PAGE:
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MoD edges closer to decision on King’s Lines fuel depot

Screengrab of Commodore Tom Guy during his interview with GBC on Viewpoint. Image via GBC

The Ministry of Defence appears poised to reactivate the King’s Lines fuel depot located beneath the Northern Defences as part of wider defence investment in Gibraltar and other overseas territories.

Military planners have been exploring the possibility for months and have now confirmed that the fuel depot would be put to good use if it was up and running.

But the infrastructure has lain unused for many years and a detailed assessment of its condition, including pipelines connecting it to the Naval Base, is being carried out before a final decision is taken on the project.

Speaking on GBC’s Viewpoint, however, Commodore Tom Guy, the Commander British Forces, indicated the project was likely to go ahead.

“We're looking to reinstate that now,” he said of the fuel depot, adding the assessment on demand for the facility “is pretty much there”.

“There's a bit more work to do before we absolutely confirm that's what we're going to do,” he added.

“We have to make sure that the actual infrastructure that is left behind there that is in good enough state, the pipework and all that sort of stuff.”

The proposal for King’s Lines is one of several investment projects that the MoD is undertaking in Gibraltar.

Others include refurbishing infrastructure on the South Mole and modernising the communications system linking all of the MoD sites on the Rock.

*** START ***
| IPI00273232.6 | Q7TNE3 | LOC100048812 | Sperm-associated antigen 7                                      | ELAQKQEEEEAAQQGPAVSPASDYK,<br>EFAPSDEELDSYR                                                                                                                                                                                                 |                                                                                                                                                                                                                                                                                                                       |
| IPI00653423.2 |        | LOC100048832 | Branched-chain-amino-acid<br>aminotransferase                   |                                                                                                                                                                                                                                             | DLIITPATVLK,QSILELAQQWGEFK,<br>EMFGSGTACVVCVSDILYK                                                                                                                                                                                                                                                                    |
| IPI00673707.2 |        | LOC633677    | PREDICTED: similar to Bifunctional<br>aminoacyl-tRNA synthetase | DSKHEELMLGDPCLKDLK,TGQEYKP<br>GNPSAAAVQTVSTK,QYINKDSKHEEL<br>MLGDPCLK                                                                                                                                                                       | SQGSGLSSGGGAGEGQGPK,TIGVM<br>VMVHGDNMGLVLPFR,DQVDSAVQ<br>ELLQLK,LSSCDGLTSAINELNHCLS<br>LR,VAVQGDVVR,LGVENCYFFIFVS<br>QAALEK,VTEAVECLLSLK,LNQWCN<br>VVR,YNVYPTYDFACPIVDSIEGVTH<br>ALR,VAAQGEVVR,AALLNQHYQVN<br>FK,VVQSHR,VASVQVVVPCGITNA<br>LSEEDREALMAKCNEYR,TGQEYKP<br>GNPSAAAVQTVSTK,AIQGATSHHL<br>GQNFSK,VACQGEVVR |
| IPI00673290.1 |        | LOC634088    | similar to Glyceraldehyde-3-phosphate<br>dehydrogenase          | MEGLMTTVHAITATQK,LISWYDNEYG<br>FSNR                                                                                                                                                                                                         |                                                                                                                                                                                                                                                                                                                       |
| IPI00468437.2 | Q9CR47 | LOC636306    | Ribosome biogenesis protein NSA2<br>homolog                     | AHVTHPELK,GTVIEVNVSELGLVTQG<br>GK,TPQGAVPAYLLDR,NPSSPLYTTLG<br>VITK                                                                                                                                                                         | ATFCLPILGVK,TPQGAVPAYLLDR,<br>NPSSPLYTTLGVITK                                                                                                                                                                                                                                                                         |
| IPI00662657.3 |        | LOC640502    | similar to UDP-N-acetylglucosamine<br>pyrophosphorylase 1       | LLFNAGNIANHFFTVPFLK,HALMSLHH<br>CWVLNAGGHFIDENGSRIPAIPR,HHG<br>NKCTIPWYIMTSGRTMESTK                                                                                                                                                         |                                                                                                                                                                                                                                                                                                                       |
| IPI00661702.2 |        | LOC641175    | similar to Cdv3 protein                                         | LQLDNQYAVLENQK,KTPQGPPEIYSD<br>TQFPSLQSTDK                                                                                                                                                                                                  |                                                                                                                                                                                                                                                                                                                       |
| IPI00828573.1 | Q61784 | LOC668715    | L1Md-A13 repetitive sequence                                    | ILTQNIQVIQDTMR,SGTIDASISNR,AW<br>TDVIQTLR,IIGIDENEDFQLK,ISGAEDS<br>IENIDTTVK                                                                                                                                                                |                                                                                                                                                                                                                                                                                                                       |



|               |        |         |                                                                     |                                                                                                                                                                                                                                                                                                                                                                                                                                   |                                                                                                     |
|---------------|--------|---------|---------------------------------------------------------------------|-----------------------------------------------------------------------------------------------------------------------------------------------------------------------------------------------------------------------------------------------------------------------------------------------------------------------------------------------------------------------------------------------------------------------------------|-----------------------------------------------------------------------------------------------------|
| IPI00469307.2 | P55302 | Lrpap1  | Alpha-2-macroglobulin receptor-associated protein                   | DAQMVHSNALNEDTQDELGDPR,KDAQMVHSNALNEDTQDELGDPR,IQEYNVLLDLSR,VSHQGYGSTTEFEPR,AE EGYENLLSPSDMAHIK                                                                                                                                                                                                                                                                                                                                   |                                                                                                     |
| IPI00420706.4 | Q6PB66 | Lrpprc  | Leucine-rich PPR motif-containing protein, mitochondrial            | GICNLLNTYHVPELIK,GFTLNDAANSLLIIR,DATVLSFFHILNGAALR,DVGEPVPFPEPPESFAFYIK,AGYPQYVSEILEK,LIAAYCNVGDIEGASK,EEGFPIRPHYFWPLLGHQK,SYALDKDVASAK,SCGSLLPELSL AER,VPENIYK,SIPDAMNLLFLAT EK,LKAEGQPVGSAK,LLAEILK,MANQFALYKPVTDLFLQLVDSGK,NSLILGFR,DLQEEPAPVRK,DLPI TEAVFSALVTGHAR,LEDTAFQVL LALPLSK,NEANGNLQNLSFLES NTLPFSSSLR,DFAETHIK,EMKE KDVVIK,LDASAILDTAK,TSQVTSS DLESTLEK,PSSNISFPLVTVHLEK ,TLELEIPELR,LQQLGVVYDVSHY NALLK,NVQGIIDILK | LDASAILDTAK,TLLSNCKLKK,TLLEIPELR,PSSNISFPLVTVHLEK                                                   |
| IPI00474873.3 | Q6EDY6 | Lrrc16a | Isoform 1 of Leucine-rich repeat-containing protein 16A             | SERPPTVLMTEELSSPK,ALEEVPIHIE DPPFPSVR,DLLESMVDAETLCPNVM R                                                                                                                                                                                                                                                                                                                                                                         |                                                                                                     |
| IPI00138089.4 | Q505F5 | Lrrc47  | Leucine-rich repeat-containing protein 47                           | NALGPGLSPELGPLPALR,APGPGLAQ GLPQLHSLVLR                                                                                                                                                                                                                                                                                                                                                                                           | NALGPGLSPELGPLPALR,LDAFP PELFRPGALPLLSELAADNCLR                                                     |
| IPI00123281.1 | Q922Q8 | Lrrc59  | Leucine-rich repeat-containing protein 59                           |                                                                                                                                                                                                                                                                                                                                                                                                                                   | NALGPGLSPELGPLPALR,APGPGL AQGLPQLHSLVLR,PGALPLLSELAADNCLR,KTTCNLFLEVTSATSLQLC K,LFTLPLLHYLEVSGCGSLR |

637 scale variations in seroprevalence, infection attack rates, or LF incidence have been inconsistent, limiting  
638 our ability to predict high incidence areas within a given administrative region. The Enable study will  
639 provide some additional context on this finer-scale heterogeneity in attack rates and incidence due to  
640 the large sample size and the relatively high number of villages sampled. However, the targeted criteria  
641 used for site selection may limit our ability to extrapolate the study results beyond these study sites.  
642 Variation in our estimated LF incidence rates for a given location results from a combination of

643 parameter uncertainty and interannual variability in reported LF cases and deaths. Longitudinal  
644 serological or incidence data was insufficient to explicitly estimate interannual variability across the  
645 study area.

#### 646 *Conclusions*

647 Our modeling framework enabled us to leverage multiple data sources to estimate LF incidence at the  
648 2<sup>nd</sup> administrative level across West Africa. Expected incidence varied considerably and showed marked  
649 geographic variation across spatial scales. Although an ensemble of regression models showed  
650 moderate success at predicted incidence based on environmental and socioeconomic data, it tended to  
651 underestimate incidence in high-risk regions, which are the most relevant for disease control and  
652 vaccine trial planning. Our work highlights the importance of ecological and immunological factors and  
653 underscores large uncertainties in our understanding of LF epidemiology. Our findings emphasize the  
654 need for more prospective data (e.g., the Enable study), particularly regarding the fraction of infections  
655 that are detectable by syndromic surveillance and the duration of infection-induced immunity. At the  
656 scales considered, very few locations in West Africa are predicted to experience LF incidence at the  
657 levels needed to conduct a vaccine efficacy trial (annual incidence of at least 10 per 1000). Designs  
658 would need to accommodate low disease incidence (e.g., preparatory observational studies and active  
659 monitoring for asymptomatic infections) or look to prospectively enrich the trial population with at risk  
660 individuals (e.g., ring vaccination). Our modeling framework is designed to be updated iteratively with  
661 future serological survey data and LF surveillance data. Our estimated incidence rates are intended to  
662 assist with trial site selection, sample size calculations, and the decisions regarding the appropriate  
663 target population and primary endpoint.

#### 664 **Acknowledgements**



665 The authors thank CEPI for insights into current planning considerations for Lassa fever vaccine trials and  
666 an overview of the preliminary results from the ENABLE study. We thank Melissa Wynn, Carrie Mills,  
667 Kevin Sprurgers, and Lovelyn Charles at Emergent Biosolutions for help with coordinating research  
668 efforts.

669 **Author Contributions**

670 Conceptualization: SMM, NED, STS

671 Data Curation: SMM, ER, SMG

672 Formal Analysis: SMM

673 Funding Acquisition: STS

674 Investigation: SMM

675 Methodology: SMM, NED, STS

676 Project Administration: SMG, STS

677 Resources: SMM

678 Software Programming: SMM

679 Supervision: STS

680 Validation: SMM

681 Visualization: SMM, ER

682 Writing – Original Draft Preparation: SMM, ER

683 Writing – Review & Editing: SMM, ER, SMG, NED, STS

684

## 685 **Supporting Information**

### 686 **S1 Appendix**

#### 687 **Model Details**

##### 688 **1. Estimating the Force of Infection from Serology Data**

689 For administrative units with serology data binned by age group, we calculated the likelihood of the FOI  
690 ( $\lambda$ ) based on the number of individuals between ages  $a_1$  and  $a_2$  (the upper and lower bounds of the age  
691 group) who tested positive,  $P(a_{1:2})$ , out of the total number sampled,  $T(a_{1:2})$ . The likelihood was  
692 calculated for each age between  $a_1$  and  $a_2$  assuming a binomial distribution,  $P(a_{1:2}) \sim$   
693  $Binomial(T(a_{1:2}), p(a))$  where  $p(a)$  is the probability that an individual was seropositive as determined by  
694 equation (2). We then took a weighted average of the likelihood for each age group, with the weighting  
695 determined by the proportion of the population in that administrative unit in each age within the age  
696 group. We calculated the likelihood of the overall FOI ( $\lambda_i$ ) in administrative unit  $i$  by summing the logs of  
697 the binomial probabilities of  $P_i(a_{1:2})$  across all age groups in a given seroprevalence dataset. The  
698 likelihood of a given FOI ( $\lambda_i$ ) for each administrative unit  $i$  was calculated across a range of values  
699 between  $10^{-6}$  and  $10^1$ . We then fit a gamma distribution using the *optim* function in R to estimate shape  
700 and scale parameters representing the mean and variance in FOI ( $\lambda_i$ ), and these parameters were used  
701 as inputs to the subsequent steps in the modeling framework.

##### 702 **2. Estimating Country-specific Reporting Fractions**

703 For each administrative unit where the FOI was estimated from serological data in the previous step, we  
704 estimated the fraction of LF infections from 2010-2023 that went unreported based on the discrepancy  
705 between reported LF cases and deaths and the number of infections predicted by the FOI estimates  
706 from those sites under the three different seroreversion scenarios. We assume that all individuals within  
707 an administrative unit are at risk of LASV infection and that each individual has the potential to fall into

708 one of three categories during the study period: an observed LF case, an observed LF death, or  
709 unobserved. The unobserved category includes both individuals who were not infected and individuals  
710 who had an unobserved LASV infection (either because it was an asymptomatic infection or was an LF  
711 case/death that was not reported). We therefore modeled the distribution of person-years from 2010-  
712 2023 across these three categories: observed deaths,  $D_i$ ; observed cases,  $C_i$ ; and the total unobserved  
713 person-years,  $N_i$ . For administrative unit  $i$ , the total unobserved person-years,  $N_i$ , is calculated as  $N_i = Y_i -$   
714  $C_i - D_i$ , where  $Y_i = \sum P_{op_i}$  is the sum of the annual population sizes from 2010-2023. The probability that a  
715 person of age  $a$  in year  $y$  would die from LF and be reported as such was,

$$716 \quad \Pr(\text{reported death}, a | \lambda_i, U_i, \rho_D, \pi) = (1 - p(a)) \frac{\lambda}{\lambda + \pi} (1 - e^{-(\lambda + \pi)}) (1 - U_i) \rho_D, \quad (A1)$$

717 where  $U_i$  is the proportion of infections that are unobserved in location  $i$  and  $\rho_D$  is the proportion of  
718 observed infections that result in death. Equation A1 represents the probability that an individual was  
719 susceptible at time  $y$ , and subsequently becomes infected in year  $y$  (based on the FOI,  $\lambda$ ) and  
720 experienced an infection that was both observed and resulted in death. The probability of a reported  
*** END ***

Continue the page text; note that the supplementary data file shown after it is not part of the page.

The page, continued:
There are also plans to carry out dredging in the Naval Base and further invest in training facilities that are increasingly in demand by UK-based troops.

Since the end of the Cold War, the MoD had cut back on investment in Gibraltar.

But that changed in 2021 following publication of a post-Brexit foreign and defence policy that placed a focus on “persistent engagement” overseas and placed greater emphasis on the role of the UK’s strategic hubs around the globe, including Gibraltar.

Already Gibraltar has seen investment in many areas of military activity, from a revamp of facilities at Windmill Hill and radar equipment at the top of the Rock, to new purpose-built boats for the Royal Navy’s Gibraltar Squadron.

The decision to base HMS Trent, one of the Royal Navy’s newest offshore patrol vessels, in Gibraltar is also part of that wider picture, and means the crew can get the support they need and get back out to operations in their assigned area without having to return to the UK.

In practice, the review reversed “reversed the trajectory” of military planning here, Cdre Guy said.

The developments come against the backdrop of the war in Ukraine and increased awareness of regional conflicts elsewhere, including in sub-Saharan Africa.

“I think what the war in Ukraine has done is to sort of wake everybody up to the potential for further instability and the value of resilience,” Cdre Guy said.

“And that's where Gibraltar really can add a huge amount of value in being a more resilient forward mounting base, having a bit of capacity to deal with the unexpected.”

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